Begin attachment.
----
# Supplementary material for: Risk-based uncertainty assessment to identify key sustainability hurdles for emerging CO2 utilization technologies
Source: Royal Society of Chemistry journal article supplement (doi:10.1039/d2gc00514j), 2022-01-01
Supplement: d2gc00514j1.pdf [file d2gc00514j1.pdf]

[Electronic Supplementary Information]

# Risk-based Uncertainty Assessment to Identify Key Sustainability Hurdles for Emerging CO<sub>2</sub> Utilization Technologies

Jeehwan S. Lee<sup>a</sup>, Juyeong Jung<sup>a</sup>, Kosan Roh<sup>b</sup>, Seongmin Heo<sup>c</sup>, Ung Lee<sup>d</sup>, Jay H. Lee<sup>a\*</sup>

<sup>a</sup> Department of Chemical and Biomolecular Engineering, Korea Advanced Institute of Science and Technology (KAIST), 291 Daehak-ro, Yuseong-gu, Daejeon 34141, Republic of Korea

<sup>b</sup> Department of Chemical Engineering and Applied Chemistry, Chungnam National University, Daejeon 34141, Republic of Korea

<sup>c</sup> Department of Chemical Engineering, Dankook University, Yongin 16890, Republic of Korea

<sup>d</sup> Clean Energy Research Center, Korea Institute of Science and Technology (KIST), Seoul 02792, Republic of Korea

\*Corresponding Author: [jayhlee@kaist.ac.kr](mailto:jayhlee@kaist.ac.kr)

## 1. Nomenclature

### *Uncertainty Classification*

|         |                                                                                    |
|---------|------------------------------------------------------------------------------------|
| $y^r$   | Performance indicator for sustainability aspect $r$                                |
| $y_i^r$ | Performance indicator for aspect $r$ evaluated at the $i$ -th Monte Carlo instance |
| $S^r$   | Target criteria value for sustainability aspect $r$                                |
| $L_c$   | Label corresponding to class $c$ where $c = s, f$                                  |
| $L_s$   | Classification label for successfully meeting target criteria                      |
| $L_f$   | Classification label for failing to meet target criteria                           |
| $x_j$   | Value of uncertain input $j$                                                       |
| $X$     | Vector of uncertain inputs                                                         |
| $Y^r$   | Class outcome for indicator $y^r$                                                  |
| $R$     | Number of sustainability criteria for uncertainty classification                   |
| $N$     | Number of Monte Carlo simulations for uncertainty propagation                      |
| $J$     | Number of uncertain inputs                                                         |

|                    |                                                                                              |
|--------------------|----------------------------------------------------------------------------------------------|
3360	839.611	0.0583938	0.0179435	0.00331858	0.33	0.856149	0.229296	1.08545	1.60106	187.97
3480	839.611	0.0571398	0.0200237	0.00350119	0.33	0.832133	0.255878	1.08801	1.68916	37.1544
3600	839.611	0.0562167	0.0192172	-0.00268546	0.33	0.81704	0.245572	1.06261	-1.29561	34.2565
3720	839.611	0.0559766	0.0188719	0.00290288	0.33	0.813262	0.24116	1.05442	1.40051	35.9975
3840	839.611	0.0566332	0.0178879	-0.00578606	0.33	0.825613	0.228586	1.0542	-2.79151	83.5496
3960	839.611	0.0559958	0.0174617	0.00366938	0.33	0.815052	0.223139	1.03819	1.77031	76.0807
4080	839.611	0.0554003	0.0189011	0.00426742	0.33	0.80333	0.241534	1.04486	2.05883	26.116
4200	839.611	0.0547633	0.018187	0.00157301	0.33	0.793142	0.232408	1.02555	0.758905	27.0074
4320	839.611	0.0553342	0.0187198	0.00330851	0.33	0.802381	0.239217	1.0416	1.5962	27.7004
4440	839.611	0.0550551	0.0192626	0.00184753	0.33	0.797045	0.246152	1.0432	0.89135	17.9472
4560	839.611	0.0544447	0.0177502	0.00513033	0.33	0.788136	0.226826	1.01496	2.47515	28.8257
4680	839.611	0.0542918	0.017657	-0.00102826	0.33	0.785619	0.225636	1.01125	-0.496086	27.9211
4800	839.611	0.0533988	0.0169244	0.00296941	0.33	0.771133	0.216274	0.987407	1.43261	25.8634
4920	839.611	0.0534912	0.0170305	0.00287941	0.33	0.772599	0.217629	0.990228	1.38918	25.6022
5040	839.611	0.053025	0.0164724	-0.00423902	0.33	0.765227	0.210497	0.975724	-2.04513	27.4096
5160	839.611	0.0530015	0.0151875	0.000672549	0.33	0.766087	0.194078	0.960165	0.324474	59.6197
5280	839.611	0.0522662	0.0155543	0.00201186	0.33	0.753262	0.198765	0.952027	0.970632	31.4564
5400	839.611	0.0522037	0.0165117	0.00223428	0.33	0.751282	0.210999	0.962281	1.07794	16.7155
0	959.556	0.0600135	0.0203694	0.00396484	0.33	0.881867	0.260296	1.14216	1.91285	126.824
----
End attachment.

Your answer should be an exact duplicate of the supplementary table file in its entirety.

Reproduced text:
# Supplementary material for: Risk-based uncertainty assessment to identify key sustainability hurdles for emerging CO2 utilization technologies
Source: Royal Society of Chemistry journal article supplement (doi:10.1039/d2gc00514j), 2022-01-01
Supplement: d2gc00514j1.pdf [file d2gc00514j1.pdf]

[Electronic Supplementary Information]

# Risk-based Uncertainty Assessment to Identify Key Sustainability Hurdles for Emerging CO<sub>2</sub> Utilization Technologies

Jeehwan S. Lee<sup>a</sup>, Juyeong Jung<sup>a</sup>, Kosan Roh<sup>b</sup>, Seongmin Heo<sup>c</sup>, Ung Lee<sup>d</sup>, Jay H. Lee<sup>a\*</sup>

<sup>a</sup> Department of Chemical and Biomolecular Engineering, Korea Advanced Institute of Science and Technology (KAIST), 291 Daehak-ro, Yuseong-gu, Daejeon 34141, Republic of Korea

<sup>b</sup> Department of Chemical Engineering and Applied Chemistry, Chungnam National University, Daejeon 34141, Republic of Korea

<sup>c</sup> Department of Chemical Engineering, Dankook University, Yongin 16890, Republic of Korea

<sup>d</sup> Clean Energy Research Center, Korea Institute of Science and Technology (KIST), Seoul 02792, Republic of Korea

\*Corresponding Author: [jayhlee@kaist.ac.kr](mailto:jayhlee@kaist.ac.kr)

## 1. Nomenclature

### *Uncertainty Classification*

|         |                                                                                    |
|---------|------------------------------------------------------------------------------------|
| $y^r$   | Performance indicator for sustainability aspect $r$                                |
| $y_i^r$ | Performance indicator for aspect $r$ evaluated at the $i$ -th Monte Carlo instance |
| $S^r$   | Target criteria value for sustainability aspect $r$                                |
| $L_c$   | Label corresponding to class $c$ where $c = s, f$                                  |
| $L_s$   | Classification label for successfully meeting target criteria                      |
| $L_f$   | Classification label for failing to meet target criteria                           |
| $x_j$   | Value of uncertain input $j$                                                       |
| $X$     | Vector of uncertain inputs                                                         |
| $Y^r$   | Class outcome for indicator $y^r$                                                  |
| $R$     | Number of sustainability criteria for uncertainty classification                   |
| $N$     | Number of Monte Carlo simulations for uncertainty propagation                      |
| $J$     | Number of uncertain inputs                                                         |

|                    |                                                                                              |
|--------------------|----------------------------------------------------------------------------------------------|
3360	839.611	0.0583938	0.0179435	0.00331858	0.33	0.856149	0.229296	1.08545	1.60106	187.97
3480	839.611	0.0571398	0.0200237	0.00350119	0.33	0.832133	0.255878	1.08801	1.68916	37.1544
3600	839.611	0.0562167	0.0192172	-0.00268546	0.33	0.81704	0.245572	1.06261	-1.29561	34.2565
3720	839.611	0.0559766	0.0188719	0.00290288	0.33	0.813262	0.24116	1.05442	1.40051	35.9975
3840	839.611	0.0566332	0.0178879	-0.00578606	0.33	0.825613	0.228586	1.0542	-2.79151	83.5496
3960	839.611	0.0559958	0.0174617	0.00366938	0.33	0.815052	0.223139	1.03819	1.77031	76.0807
4080	839.611	0.0554003	0.0189011	0.00426742	0.33	0.80333	0.241534	1.04486	2.05883	26.116
4200	839.611	0.0547633	0.018187	0.00157301	0.33	0.793142	0.232408	1.02555	0.758905	27.0074
4320	839.611	0.0553342	0.0187198	0.00330851	0.33	0.802381	0.239217	1.0416	1.5962	27.7004
4440	839.611	0.0550551	0.0192626	0.00184753	0.33	0.797045	0.246152	1.0432	0.89135	17.9472
4560	839.611	0.0544447	0.0177502	0.00513033	0.33	0.788136	0.226826	1.01496	2.47515	28.8257
4680	839.611	0.0542918	0.017657	-0.00102826	0.33	0.785619	0.225636	1.01125	-0.496086	27.9211
4800	839.611	0.0533988	0.0169244	0.00296941	0.33	0.771133	0.216274	0.987407	1.43261	25.8634
4920	839.611	0.0534912	0.0170305	0.00287941	0.33	0.772599	0.217629	0.990228	1.38918	25.6022
5040	839.611	0.053025	0.0164724	-0.00423902	0.33	0.765227	0.210497	0.975724	-2.04513	27.4096
5160	839.611	0.0530015	0.0151875	0.000672549	0.33	0.766087	0.194078	0.960165	0.324474	59.6197
5280	839.611	0.0522662	0.0155543	0.00201186	0.33	0.753262	0.198765	0.952027	0.970632	31.4564
5400	839.611	0.0522037	0.0165117	0.00223428	0.33	0.751282	0.210999	0.962281	1.07794	16.7155
0	959.556	0.0600135	0.0203694	0.00396484	0.33	0.881867	0.260296	1.14216	1.91285	126.824